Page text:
Amazon Unveils Fleet of Cutesy-Named Robots to Make Its Warehouses Less of a Hazardous Hellscape

Amazon Unveils Fleet of Cutesy-Named Robots to Make Its Warehouses Less of a Hazardous Hellscape
Gif: Amazon (YouTube) / Gizmodo

Amazon warehouse employees may soon get a couple of new co-workers: Ernie and Bert.

Those are the names of some of the new robots Amazon is testing to move carts, packages, and other items across its fulfillment centres. The goal is to make its employees’ jobs safer, part of an initiative Amazon launched in May to reduce recordable incident rates by 50% by 2025.

It’s testing out four new robots in total, Amazon said in a blog post Sunday. And before you ask: Yes, they all have cutesy names. Ostensibly to distract from the well-documented horrifying work conditions they’ve been designed to alleviate.

There’s Ernie, a workstation system that retrieves items from the warehouse’s mobile shelves so employees don’t have to reach up or bend down themselves. As part of testing, Amazon is gathering data on Ernie’s performance from its research and innovation lab along with anecdotal feedback from employees at another facility where it’s being tested.

“The innovation with a robot like Ernie is interesting because while it doesn’t make the process go any faster, we’re optimistic, based on our testing, it can make our facilities safer for employees,” said Amazon’s worldwide director of advanced technology Kevin Keck in the blog post.

Bert is one of the company’s first autonomous mobile robots designed to cruise through facilities by itself using Amazon’s proprietary safety, perception, and navigation tech. Since it can move independently, workers could ask it to ferry items across the warehouse floor. Amazon said Bert could eventually be able to move larger, heavier items to “help lessen strain on employees.”

Scooter, pictured in the header image above, and Kermit are two other AI-powered robots that Amazon has in development specifically made for transporting carts. These types of robots, known as autonomously guided carts, could take over workers’ tasks of moving empty package containers across fulfillment centres, potentially reducing the risk of employee strain and collisions. It would also free up time for employees to “focus on jobs that require their critical thinking skills,” according to Amazon. (By that, I assume it means freshening up their resumes to find work elsewhere).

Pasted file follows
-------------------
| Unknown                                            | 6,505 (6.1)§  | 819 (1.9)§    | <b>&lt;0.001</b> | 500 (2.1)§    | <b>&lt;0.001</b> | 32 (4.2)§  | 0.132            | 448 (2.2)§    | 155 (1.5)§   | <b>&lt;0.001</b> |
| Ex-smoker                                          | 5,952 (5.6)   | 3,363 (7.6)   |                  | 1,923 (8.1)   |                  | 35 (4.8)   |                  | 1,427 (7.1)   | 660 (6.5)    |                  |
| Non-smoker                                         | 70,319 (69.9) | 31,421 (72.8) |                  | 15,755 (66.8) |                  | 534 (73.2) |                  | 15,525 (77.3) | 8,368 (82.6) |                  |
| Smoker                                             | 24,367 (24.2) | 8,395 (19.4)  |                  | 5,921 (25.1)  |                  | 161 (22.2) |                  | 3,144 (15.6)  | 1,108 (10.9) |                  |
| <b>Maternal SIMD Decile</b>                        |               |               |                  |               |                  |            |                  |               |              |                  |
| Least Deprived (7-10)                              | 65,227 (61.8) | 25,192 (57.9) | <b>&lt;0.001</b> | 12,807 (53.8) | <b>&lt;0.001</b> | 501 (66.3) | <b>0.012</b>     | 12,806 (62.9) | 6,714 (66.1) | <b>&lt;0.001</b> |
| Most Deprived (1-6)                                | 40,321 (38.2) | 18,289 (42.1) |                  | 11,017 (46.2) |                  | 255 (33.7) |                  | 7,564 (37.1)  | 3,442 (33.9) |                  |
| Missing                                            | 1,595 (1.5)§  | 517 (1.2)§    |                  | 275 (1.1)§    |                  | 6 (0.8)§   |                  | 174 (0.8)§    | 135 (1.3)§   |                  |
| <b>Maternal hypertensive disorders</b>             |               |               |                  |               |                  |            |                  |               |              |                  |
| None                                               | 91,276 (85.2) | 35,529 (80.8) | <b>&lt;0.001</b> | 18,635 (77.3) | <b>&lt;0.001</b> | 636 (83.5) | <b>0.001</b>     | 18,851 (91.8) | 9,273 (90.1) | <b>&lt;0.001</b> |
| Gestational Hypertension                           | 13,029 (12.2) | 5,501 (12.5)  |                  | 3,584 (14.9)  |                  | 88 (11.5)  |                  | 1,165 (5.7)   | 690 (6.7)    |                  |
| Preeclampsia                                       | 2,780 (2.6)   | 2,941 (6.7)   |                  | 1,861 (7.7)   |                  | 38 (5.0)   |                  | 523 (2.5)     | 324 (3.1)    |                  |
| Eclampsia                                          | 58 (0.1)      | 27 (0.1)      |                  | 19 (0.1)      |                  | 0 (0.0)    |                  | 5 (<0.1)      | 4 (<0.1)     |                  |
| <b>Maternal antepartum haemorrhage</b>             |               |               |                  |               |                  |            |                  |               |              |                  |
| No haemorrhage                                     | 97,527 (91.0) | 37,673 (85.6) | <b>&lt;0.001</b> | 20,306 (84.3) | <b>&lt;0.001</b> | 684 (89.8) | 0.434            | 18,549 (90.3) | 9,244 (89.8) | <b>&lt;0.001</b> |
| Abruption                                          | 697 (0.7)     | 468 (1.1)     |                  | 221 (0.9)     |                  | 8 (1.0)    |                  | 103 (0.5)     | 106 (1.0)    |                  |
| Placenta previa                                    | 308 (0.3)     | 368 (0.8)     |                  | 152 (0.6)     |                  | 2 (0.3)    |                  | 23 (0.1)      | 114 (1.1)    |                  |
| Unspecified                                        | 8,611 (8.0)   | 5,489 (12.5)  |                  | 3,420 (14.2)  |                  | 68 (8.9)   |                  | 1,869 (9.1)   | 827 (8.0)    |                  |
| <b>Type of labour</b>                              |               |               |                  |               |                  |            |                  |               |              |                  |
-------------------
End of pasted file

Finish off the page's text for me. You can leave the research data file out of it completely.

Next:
Amazon said it plans to deploy Scooter to at least one of its facilities this year. Kermit, which reads strips of magnetic tape and tags on the ground to determine its course and speed, is further along in development, Amazon said. It’s currently being tested at several U.S. sites and will be introduced to at least a dozen more across North America this year.

“The role robotics and advanced technology can play in not only innovating for customers, but helping make our facilities safer, is a massive motivation for me and my team,” Keck said. “The health and safety of our employees is our number one priority. By listening to them, innovating on their behalf, and driving new technologies into our facilities over the coming months and years, I’m confident we’ll make a big contribution to our goal of reducing recordable incidents by 50% by 2025.”

As part of that goal, Amazon pledged in May to invest more than $US300 ($385) million into safety products this year. Its notoriously overworked warehouse staff routinely faces exhausting 10-hour “megacycle” shifts and workloads so gruelling that employees often don’t have time to use the bathroom. One investigation found that Amazon recorded 14,000 serious injuries at its warehouses in 2019, roughly 7.7 serious injuries per 100 employees, which is nearly double the most recent industry standard.

At least these robots seem like a more sound idea than Amazon’s last attempt at improving working conditions: ZenBooths, or despair closets as they were quickly ridiculed by the internet. The idea was employees could go to these coffin-sized boxes to meditate and stare at a facsimile of the bright blue sky. You know, just in case they forget what that looks like during those megacycle shifts. Sound dystopian enough for you?